A Brief On RTB

We know that there are two major parties that we need to care about, are Demand and Supply.

“Demand” is a term used for advertisers or media buyers. A Demand Side Platform, or DSP, is where the marketers can programmatically purchase ad inventories.

Whereas, the term “Supply” includes the inventory sellers or publishers (those who create content online). A Supply Side Platform, or SSP, is where they can sell their ad inventory in real-time.

Sometimes, Platforms such as Ad Networks or Ad Exchanges are also used along with DSP and SSP.

So, we have both parties in place. We have platforms that provide the facility to perform an auction, so that both parties can do programmatic business.

There are several ways of doing an auction -

  • First-price auctions - Participating advertisers submit their bids for each impression in real-time and whichever has the highest bid wins the auction. Here, the winning advertiser pays the exact amount that they submitted.
  • Second-price auctions - Here the auction mechanism is similar to First-Price auction. The highest bidder still wins, but it pays the second-highest bid amount plus a pre-determined amount, usually one cent.
  • Fixed CPM/Guaranteed Auctions - In this type of auction, the advertiser and publisher have an agreement that the buyer party should pay a pre-determined price for a particular impression, trumping all the bids.

To understand these in detail, you can refer to this article.

Now, we have two parties, bidding on a platform and doing business nicely. What about the flow or setup through which Demand Partners get a chance to display their ads on the supplier’s website?

There are mostly two models:

1. Header Bidding – Read More

2. Waterfall

This strategy is generally used by publisher to sell their remnant inventory. Firstly, the publisher makes an ad slots in such a way that it catches everyone’s attention. Something like, at the very beginning of the webpage. Those prime slots are usually reserved for ads coming from direct sales. However, in the programmatic world, it may so happen that publishers were not able to sell their best ad slots for its worth price.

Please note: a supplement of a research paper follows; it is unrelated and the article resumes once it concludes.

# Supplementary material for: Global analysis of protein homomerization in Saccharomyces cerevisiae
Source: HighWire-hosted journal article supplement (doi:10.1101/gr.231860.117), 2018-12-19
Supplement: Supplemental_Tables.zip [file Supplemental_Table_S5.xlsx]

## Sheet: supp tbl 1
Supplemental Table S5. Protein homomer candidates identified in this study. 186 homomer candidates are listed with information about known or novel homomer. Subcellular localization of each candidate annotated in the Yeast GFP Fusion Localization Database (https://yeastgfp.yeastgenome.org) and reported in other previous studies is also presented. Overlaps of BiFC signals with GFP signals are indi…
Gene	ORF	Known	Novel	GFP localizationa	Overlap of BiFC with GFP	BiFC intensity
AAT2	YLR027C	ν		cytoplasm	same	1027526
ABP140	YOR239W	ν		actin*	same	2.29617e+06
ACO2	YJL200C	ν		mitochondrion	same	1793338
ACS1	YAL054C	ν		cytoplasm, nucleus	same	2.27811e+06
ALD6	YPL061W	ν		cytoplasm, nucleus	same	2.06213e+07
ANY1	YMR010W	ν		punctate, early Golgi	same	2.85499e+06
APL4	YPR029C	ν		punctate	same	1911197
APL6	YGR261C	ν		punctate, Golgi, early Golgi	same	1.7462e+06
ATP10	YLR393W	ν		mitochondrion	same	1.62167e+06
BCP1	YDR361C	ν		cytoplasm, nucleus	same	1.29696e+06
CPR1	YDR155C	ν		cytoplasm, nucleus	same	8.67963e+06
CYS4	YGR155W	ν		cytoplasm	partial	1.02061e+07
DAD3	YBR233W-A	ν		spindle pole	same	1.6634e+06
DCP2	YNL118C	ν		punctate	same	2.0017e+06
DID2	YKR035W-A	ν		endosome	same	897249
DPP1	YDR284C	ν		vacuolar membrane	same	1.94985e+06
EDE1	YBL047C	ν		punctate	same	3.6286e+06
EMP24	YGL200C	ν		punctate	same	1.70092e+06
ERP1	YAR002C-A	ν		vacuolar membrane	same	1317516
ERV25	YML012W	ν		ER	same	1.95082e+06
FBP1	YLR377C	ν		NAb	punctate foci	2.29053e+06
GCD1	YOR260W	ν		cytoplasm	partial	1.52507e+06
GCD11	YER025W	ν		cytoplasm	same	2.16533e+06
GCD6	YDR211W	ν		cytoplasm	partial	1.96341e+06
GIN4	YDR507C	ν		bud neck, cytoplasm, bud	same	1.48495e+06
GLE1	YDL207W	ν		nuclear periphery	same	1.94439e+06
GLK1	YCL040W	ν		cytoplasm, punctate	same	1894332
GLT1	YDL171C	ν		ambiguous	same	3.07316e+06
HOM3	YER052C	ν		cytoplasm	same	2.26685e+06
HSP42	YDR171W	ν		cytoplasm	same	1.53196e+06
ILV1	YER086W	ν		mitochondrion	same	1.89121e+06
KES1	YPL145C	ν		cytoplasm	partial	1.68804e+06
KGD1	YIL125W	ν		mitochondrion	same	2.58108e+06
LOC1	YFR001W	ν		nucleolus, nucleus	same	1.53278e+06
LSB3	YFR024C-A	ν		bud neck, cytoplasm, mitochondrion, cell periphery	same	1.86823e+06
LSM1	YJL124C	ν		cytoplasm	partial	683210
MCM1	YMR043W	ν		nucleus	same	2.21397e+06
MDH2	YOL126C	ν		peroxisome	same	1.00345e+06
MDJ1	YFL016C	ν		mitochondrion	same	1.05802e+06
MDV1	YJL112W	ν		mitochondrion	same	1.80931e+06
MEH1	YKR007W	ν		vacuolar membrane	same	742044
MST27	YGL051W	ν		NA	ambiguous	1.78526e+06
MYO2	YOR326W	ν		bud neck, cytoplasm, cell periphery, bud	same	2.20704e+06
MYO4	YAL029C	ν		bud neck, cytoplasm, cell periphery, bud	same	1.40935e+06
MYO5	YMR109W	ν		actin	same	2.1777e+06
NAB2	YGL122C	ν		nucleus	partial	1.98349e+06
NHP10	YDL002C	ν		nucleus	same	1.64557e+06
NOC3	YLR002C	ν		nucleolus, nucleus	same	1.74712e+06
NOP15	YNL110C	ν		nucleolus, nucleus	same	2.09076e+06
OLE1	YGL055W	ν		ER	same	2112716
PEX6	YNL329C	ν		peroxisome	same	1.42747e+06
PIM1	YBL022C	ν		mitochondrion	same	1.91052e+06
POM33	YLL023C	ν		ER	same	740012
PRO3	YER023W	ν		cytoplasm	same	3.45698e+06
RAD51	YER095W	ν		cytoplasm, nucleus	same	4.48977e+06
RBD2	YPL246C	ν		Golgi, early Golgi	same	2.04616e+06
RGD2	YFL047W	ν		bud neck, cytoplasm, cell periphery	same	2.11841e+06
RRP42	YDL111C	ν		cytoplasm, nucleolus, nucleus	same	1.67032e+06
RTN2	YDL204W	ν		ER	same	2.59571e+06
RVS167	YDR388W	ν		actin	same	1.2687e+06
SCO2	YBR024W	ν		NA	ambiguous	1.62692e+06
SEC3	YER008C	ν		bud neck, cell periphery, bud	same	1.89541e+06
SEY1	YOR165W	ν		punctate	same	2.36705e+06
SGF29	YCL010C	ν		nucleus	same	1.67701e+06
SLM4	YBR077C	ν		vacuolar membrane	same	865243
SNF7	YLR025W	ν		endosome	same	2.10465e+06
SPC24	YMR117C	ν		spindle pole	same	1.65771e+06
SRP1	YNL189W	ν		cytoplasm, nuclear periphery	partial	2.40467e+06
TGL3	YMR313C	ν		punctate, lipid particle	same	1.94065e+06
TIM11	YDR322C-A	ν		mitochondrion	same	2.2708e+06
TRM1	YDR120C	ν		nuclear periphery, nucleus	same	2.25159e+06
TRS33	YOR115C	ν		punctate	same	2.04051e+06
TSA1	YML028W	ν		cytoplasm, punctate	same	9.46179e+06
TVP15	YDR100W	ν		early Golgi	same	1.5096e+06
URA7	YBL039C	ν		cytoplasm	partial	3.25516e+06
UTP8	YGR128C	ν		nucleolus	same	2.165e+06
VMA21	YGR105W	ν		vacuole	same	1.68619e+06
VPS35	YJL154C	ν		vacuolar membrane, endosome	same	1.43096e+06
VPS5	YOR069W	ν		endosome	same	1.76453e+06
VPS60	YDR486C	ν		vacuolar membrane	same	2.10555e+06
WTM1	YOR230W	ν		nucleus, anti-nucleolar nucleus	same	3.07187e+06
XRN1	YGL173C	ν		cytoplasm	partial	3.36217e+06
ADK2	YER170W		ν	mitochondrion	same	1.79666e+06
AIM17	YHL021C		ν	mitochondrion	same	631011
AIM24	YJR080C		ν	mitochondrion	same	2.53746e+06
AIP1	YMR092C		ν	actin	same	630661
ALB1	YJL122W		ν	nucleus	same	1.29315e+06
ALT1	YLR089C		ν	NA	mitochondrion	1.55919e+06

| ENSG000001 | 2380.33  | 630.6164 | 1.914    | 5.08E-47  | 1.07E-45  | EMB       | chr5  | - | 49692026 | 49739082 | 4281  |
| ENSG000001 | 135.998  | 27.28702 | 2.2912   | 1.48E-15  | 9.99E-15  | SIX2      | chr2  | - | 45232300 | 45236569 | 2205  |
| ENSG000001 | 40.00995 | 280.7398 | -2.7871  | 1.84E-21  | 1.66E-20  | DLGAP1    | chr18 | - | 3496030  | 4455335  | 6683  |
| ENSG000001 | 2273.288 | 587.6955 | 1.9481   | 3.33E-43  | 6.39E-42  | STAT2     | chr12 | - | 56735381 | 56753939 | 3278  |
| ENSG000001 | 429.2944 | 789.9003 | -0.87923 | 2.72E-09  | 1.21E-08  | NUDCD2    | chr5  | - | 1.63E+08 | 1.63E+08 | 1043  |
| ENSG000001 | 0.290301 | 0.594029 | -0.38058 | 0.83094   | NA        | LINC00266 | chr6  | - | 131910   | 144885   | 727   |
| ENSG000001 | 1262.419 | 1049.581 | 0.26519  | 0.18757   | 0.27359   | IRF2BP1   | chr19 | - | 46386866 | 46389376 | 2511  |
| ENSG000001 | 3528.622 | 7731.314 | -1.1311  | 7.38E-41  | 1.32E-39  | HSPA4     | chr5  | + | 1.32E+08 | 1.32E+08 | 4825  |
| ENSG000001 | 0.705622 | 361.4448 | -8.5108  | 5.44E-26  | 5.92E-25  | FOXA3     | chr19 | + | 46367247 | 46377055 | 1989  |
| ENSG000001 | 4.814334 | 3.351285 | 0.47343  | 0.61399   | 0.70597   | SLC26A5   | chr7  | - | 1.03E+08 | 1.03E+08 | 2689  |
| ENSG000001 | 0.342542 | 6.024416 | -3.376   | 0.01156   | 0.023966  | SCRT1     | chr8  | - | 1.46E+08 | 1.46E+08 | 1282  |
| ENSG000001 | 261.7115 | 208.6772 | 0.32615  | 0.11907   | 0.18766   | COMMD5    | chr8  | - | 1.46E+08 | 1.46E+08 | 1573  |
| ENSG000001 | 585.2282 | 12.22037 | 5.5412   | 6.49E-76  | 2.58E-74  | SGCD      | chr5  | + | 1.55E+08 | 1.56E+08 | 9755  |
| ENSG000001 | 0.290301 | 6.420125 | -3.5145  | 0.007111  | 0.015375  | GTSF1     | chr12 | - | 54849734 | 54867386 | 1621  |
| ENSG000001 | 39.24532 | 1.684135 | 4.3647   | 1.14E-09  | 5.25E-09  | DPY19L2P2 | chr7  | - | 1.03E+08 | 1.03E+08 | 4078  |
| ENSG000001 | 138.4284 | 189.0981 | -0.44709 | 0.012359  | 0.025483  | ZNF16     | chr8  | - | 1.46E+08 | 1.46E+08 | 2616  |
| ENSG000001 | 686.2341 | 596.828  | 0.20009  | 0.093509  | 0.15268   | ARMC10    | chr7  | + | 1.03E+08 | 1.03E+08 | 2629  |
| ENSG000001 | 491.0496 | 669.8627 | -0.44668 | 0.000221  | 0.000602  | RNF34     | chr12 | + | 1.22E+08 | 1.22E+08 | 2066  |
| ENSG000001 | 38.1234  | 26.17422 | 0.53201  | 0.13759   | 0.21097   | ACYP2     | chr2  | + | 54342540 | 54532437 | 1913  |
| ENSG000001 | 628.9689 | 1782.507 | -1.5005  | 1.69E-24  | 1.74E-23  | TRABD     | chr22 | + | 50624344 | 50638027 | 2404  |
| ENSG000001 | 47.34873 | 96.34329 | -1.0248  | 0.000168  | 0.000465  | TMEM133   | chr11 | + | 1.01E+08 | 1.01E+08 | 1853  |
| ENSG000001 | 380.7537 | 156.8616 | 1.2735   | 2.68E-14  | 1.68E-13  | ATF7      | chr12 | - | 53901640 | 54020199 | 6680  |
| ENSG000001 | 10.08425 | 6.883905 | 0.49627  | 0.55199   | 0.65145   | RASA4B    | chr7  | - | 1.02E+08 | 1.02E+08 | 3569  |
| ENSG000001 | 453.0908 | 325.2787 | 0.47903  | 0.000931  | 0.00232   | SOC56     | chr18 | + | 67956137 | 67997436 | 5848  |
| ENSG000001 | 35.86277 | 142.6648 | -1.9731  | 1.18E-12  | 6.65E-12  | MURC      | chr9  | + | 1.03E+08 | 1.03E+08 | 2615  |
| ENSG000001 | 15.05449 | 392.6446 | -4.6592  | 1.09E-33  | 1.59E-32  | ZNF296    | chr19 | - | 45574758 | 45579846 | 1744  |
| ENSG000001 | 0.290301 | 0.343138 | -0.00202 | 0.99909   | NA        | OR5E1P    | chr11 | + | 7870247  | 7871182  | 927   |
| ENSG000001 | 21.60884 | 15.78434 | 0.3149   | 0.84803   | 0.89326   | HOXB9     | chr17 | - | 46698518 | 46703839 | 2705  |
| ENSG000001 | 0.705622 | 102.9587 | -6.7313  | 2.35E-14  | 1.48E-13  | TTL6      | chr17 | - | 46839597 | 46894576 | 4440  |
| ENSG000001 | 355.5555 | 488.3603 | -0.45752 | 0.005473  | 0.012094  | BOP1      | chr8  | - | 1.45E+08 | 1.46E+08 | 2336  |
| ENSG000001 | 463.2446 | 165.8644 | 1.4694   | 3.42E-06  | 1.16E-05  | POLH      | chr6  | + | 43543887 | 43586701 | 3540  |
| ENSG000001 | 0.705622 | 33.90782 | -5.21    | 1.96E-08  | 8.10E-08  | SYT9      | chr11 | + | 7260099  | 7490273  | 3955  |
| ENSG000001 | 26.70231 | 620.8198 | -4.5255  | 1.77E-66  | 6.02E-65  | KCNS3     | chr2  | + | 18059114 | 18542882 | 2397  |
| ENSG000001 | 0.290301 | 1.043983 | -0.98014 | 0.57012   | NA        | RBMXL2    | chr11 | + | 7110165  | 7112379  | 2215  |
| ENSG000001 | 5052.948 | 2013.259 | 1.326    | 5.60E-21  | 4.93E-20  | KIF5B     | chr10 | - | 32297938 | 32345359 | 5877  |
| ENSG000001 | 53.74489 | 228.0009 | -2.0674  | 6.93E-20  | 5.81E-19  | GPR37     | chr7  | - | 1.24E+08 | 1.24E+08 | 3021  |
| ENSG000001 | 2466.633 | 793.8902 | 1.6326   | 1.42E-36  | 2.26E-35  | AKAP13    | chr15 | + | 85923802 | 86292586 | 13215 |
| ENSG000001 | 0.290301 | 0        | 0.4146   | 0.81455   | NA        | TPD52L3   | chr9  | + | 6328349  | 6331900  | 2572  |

To overcome this problem, they follow a strategy where, if one advertiser does not fill the inventory, the publisher’s ad server passes the same impression to another advertiser until it is sold. This creates a sequential chain or ‘daisy chain’ of buyers, thus the name “waterfall.”

There is a downside of this approach – there may be high latency in filling of ad slots, timeouts can happen, and the yield lowers. Most importantly, huge manual effort is needed in setup.

This method is widespread among Ad Networks, as they are connected to many demand parties and they promise the publisher to fill the ad slot. Therefore, they rotate the same ad impression until it is filled.

We can understand this with an example –

Let’s say, a publisher is connected to an Ad Network. And the Ad Network is connected to 4 different DSPs.

When a user comes to publisher’s website, an Ad Request is generated and goes to the publisher’s server. That server calls Ad Network. The Ad Network calls the first DSP in line and waits for a response. If there is no response or timeout, the Ad Call returns to Ad Network and find the second DSP in line.

Similarly, the same Ad Call keeps moving to-and-fro, until some DSP responds.

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Secondly, in the worst case, if no DSP fills the Ad Call, a House Ad or PSA set at Ad Network’s end, will be displayed on the publisher’s website.